Notes on the Nembutsu
Reflections on the wasan of Shinran

Shozomatsu Wasan 68

People who, doubting the inconceivable Buddha-wisdom,
Rely on their practice of the root of good and the
    root of virtue
Are born in the borderland or the realm of indolence
    and pride;
Hence, they fail to realise great love and great compassion.

Love and Compassion

Although it does not sound like it, 'relying on their practice of the root of good' refers to one's own attempt to leverage, for oneself, birth in the Pure Land. Shinran Shonin's use of the word tanomu, suggests a reference to the 'faith and practice of the twentieth Vow'. Here he stresses the tragic failure to encounter the very thing that is real and true: the mercy and compassion of Infinite Light. This tragedy occurs because, by rejecting the shinjin of the Primal Vow, we also reject great mercy and great compassion (daiji daihi). Shinran, once again, draws upon ideas from the sutras and the commentarial tradition of the Pure Land way, which suggest that our birth in the Pure Land will only be partial and provisional if we pursue it by means of our own efforts.

The interesting thing is that we would not seek mercy and compassion unless we felt that we were actually in need of it. As we have seen, shinjin consists of the 'twofold deep mind' (nishu jinshin):

One truly knows oneself to be a foolish being full of blind passions, with scant roots of good, transmigrating in the three realms and unable to emerge from this burning house. And further, one truly knows now, without so much as a single thought of doubt, that Amida's universal Primal Vow decisively enables all to attain birth, including those who say the Name even down to ten times, or even but hear it.1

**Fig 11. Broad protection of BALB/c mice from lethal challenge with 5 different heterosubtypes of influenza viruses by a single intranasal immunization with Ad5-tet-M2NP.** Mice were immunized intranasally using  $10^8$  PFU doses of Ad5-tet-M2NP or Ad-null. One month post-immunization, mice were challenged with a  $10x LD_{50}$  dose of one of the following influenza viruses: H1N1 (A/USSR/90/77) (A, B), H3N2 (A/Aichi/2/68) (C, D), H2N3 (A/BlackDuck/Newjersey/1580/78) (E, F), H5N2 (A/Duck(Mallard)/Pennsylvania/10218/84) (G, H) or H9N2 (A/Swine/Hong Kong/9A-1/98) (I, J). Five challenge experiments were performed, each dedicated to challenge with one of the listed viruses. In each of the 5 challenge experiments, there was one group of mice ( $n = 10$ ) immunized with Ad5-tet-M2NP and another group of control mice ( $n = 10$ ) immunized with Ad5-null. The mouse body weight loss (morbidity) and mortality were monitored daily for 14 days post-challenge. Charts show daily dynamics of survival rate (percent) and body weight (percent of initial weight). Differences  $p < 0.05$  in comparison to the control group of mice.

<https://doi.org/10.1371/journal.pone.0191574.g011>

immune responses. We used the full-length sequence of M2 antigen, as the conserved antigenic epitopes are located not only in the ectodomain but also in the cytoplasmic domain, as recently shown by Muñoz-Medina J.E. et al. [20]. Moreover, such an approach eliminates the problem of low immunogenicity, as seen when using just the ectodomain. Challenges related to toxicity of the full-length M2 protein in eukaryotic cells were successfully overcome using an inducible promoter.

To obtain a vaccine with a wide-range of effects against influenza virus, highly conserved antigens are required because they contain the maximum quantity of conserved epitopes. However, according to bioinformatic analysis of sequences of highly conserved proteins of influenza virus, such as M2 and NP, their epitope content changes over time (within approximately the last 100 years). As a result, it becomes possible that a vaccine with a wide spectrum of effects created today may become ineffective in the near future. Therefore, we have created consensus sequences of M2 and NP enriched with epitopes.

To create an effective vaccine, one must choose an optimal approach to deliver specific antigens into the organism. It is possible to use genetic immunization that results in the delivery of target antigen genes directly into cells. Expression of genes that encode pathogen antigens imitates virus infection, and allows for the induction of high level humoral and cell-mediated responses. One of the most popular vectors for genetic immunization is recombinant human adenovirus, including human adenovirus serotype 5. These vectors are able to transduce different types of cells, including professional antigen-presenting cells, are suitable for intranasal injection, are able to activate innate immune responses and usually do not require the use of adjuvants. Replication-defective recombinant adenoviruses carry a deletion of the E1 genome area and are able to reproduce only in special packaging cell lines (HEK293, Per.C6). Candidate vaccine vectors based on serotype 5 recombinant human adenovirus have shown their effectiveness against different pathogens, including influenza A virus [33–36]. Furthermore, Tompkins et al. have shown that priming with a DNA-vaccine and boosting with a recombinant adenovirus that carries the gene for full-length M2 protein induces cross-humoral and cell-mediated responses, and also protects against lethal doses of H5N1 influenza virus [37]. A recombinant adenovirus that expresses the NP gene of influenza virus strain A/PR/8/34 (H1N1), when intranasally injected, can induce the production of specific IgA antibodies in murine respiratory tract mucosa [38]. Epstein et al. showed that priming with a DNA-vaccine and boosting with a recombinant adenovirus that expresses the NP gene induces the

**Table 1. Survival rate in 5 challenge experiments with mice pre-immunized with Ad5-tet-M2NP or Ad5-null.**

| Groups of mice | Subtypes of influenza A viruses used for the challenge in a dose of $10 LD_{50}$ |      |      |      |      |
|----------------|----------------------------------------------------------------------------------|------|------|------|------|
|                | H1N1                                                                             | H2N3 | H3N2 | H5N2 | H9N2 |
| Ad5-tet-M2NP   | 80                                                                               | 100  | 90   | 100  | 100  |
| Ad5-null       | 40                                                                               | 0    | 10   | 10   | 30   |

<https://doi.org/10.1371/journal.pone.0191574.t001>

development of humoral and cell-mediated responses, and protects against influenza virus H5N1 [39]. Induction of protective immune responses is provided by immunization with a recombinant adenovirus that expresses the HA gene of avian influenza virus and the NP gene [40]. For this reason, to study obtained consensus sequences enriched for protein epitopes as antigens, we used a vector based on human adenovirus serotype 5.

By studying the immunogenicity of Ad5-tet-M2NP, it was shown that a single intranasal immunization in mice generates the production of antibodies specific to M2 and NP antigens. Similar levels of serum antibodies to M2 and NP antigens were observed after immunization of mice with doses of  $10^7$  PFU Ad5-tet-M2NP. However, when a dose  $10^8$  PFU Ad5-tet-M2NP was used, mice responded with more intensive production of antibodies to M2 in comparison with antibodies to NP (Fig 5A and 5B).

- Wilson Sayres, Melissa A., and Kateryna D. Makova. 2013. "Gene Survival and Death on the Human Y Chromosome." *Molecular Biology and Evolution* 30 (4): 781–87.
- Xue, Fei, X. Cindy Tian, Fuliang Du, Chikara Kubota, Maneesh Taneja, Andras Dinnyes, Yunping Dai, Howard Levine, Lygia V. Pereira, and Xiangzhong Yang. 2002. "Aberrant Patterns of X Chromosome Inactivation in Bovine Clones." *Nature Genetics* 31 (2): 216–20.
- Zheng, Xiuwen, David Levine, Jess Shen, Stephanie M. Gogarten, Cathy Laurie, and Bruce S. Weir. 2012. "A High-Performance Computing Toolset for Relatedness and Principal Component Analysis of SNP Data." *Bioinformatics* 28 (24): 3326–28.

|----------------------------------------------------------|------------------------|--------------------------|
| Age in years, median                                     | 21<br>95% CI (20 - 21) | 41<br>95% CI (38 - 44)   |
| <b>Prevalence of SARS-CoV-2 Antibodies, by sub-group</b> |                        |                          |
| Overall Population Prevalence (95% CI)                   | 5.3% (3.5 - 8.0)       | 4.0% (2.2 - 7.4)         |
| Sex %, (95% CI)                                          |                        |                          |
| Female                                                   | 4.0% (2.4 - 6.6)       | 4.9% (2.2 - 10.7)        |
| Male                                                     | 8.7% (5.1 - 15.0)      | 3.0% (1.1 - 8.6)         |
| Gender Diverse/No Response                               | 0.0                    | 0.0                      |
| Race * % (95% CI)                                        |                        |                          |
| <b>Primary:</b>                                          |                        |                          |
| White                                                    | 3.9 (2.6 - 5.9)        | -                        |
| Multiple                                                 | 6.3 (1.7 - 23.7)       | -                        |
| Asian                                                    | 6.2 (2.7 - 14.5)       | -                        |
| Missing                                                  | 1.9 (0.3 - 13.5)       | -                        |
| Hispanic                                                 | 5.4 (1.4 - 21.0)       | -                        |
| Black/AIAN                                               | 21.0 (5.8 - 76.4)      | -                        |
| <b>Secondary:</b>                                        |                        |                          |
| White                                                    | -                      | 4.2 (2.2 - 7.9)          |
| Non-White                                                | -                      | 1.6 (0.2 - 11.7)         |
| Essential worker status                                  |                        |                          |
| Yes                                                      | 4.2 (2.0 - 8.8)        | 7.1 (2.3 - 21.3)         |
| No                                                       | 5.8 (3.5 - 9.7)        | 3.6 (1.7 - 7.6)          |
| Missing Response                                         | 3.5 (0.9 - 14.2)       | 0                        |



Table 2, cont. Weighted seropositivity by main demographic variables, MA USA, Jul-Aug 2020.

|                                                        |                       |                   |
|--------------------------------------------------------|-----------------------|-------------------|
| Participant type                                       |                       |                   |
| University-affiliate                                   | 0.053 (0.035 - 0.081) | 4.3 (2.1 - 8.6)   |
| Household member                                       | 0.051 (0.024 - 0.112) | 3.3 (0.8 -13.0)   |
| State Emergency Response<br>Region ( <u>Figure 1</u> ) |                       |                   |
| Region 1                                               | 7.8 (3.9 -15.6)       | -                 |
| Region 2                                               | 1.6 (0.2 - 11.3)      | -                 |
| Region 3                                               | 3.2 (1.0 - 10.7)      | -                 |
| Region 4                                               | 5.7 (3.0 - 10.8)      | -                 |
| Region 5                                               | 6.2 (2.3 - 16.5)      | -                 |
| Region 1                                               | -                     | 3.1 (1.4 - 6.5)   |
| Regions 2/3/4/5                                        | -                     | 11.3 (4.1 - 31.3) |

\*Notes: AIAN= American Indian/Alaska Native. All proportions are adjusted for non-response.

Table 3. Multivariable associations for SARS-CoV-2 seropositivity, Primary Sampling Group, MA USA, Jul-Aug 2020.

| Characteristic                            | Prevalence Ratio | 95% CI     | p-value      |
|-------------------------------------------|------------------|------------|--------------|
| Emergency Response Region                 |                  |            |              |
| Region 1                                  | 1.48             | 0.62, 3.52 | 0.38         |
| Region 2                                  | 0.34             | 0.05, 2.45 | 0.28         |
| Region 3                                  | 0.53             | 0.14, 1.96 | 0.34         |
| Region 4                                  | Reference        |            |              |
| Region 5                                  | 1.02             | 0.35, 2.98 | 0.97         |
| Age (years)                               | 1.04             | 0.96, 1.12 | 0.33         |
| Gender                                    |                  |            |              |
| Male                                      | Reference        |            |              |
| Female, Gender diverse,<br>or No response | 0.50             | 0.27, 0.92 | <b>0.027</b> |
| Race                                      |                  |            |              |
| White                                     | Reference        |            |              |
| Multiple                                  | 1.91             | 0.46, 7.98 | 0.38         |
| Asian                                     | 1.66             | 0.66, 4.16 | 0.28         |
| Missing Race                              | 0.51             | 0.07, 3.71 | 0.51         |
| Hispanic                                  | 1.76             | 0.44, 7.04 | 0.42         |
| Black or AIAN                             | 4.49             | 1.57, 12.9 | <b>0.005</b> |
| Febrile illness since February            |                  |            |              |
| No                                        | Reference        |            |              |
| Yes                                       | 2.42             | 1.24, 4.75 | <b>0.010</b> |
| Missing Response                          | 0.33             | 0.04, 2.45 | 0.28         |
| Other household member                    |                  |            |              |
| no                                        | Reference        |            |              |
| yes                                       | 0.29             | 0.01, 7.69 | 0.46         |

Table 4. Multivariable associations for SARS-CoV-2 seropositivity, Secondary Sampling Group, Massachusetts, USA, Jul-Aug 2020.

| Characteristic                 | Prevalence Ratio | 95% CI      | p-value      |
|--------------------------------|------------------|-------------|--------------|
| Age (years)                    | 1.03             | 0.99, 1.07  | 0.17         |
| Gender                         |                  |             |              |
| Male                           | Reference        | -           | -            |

The twofold deep mind is at once the recognition that we are in need of mercy and compassion; and that mercy and compassion grasps us. It is Amida Buddha's shinjin, Other Power, which awakens us to our need, and it is Amida Buddha's shinjin, which brings the realisation that our need has been met. People of shinjin respond to love and compassion because love and compassion has made their need evident. The person of self-power nembutsu ('the fundamental good and virtue') believes that he is adequate to the task. He does not recognise his need. He has not 'heard' the Primal Vow of Amida Buddha in the depths of his being and in association with his inner reality, so he does not trust it.

In the scheme of things, the person who does not recognise his shortcomings considers himself to be the repository of sufficient virtue to attain objectives that represent higher states of spiritual awakening. This is the normal way for us to see ourselves. There are actually only very few people who understand what it is to be desperately in need of mercy and compassion. Yet, such a recognition, which is accompanied by the acceptance of Amida Buddha's Name, represents an awakening that is utterly liberating and joyful; bringing about a new perspective on life; opening up a bright new way of seeing things and a way to traverse this saha world, this world of endurance.